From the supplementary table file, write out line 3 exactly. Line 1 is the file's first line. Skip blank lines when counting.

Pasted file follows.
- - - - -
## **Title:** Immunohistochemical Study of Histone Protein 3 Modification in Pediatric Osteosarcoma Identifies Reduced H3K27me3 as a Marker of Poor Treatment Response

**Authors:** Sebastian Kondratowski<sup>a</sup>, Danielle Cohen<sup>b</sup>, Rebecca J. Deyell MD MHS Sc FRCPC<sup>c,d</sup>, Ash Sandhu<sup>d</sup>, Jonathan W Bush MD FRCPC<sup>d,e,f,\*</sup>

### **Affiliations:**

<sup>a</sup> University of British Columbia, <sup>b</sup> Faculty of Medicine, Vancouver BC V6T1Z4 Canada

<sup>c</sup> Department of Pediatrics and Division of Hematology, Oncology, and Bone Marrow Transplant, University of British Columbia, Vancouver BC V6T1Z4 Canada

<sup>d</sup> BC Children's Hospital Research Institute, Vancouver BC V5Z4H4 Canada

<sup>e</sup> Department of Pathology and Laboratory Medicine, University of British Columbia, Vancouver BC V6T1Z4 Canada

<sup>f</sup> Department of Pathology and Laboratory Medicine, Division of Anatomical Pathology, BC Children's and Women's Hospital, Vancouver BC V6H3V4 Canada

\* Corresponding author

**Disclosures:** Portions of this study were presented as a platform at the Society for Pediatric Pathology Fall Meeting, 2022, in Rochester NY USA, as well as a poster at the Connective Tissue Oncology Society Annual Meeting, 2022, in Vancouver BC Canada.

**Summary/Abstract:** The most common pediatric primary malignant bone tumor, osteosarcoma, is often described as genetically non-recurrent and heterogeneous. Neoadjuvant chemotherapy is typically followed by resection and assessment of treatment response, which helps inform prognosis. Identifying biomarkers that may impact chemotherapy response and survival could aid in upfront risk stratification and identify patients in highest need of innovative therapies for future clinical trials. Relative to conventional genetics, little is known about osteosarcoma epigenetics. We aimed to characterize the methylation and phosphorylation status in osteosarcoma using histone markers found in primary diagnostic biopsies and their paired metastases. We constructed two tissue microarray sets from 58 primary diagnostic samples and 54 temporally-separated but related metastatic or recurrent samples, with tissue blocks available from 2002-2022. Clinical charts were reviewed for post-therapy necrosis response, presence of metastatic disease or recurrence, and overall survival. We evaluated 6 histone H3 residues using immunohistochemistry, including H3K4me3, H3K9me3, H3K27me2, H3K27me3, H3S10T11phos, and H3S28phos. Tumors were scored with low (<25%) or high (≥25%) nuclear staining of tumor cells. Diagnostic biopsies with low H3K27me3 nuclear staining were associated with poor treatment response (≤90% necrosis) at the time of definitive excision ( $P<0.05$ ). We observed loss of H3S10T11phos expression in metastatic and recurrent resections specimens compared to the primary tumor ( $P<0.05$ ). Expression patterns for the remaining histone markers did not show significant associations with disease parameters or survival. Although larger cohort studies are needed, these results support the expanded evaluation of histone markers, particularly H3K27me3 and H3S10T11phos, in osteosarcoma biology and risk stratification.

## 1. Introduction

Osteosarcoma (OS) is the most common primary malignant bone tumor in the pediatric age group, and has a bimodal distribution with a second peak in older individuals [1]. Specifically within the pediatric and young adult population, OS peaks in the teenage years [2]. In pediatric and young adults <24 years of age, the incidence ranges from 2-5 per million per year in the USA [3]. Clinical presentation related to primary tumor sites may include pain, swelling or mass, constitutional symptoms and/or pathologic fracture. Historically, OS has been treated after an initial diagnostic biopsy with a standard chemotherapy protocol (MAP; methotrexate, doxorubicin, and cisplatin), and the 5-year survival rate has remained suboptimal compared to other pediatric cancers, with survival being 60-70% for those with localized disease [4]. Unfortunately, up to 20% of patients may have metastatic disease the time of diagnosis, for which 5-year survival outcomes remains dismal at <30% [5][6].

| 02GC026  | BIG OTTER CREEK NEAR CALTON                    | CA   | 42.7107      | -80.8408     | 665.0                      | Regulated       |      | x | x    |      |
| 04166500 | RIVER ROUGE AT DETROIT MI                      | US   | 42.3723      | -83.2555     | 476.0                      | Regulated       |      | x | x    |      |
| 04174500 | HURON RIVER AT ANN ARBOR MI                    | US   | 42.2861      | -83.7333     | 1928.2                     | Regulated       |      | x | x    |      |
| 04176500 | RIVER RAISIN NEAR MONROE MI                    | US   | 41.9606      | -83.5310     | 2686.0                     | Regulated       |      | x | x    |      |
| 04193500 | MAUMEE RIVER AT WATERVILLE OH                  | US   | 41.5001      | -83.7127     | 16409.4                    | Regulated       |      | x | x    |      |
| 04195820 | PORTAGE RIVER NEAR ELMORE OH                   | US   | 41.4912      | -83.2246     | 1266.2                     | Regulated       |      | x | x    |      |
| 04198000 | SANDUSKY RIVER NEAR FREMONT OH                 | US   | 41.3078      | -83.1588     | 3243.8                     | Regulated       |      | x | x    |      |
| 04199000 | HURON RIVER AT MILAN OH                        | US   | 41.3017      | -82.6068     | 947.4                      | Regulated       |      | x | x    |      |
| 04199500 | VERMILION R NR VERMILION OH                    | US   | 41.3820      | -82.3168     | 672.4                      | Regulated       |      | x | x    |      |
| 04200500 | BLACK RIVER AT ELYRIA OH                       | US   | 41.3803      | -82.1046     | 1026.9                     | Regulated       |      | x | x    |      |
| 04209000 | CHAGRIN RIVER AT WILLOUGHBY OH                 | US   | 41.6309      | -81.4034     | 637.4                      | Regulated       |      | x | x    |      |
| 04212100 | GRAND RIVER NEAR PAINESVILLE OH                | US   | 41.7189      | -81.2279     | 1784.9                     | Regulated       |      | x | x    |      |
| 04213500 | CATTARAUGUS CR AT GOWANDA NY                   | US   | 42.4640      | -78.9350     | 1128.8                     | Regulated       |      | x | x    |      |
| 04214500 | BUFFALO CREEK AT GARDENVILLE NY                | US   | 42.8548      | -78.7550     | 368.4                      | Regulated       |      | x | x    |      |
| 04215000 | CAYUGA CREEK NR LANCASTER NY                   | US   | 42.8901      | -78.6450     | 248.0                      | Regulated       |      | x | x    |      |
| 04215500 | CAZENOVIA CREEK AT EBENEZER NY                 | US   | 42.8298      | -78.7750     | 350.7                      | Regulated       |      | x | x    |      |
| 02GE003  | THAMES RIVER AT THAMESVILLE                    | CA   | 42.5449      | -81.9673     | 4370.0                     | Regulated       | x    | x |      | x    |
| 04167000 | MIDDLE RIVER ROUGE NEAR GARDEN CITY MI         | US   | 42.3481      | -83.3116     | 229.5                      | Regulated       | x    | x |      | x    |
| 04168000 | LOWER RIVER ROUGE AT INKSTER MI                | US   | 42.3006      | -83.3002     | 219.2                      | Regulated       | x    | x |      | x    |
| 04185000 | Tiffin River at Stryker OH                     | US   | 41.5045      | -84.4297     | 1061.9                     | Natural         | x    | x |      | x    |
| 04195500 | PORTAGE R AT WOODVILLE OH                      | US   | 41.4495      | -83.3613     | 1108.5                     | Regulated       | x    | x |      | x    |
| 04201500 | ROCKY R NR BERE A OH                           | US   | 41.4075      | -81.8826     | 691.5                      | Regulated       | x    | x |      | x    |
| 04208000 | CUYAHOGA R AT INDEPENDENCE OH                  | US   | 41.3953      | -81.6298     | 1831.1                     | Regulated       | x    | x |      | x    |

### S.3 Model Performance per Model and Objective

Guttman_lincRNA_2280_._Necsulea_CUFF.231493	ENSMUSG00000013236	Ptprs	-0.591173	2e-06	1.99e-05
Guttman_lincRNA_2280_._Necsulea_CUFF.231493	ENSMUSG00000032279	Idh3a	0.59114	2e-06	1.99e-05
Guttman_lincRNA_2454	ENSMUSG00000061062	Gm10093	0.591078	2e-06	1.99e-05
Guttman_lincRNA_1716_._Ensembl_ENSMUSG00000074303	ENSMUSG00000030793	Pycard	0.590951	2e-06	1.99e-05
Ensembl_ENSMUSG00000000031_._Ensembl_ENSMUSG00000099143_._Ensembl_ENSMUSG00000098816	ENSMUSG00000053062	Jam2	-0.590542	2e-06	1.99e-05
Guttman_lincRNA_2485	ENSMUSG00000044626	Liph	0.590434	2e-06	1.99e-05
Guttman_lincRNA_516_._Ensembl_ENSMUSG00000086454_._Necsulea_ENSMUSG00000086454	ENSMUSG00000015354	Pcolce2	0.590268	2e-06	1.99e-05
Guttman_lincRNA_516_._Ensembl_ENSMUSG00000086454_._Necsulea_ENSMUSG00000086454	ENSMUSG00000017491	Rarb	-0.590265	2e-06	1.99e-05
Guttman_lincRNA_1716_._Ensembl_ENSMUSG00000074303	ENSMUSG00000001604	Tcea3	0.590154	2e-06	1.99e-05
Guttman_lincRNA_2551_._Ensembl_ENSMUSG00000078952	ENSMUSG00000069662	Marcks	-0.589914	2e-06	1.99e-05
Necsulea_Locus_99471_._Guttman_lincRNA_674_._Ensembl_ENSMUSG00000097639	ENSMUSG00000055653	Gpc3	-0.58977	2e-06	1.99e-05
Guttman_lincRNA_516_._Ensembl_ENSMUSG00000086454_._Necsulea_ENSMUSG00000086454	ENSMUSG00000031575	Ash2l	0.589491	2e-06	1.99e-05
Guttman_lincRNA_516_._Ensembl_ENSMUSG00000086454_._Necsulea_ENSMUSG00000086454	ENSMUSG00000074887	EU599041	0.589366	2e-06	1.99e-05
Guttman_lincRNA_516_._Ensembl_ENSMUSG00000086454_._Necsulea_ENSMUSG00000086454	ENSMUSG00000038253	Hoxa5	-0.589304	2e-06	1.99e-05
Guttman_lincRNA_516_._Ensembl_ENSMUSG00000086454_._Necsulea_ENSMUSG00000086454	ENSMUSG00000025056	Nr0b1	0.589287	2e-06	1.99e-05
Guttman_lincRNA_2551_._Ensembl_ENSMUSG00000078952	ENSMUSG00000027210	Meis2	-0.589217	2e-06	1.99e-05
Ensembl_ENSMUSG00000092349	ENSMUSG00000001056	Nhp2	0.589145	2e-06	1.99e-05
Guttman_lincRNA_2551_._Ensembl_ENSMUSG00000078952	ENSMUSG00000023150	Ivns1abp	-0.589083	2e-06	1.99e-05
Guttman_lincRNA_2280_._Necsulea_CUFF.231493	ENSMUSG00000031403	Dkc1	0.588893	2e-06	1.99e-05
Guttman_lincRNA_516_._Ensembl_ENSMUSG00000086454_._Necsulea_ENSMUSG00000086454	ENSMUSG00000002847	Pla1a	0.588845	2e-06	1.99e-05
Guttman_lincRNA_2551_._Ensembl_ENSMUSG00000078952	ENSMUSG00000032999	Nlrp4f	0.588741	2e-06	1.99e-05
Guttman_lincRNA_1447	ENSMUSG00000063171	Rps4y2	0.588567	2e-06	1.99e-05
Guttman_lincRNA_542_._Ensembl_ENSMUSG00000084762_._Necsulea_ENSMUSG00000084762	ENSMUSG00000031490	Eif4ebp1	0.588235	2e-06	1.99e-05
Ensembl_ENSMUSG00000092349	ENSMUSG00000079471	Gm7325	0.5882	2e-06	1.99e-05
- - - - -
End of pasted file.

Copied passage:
### **Affiliations:**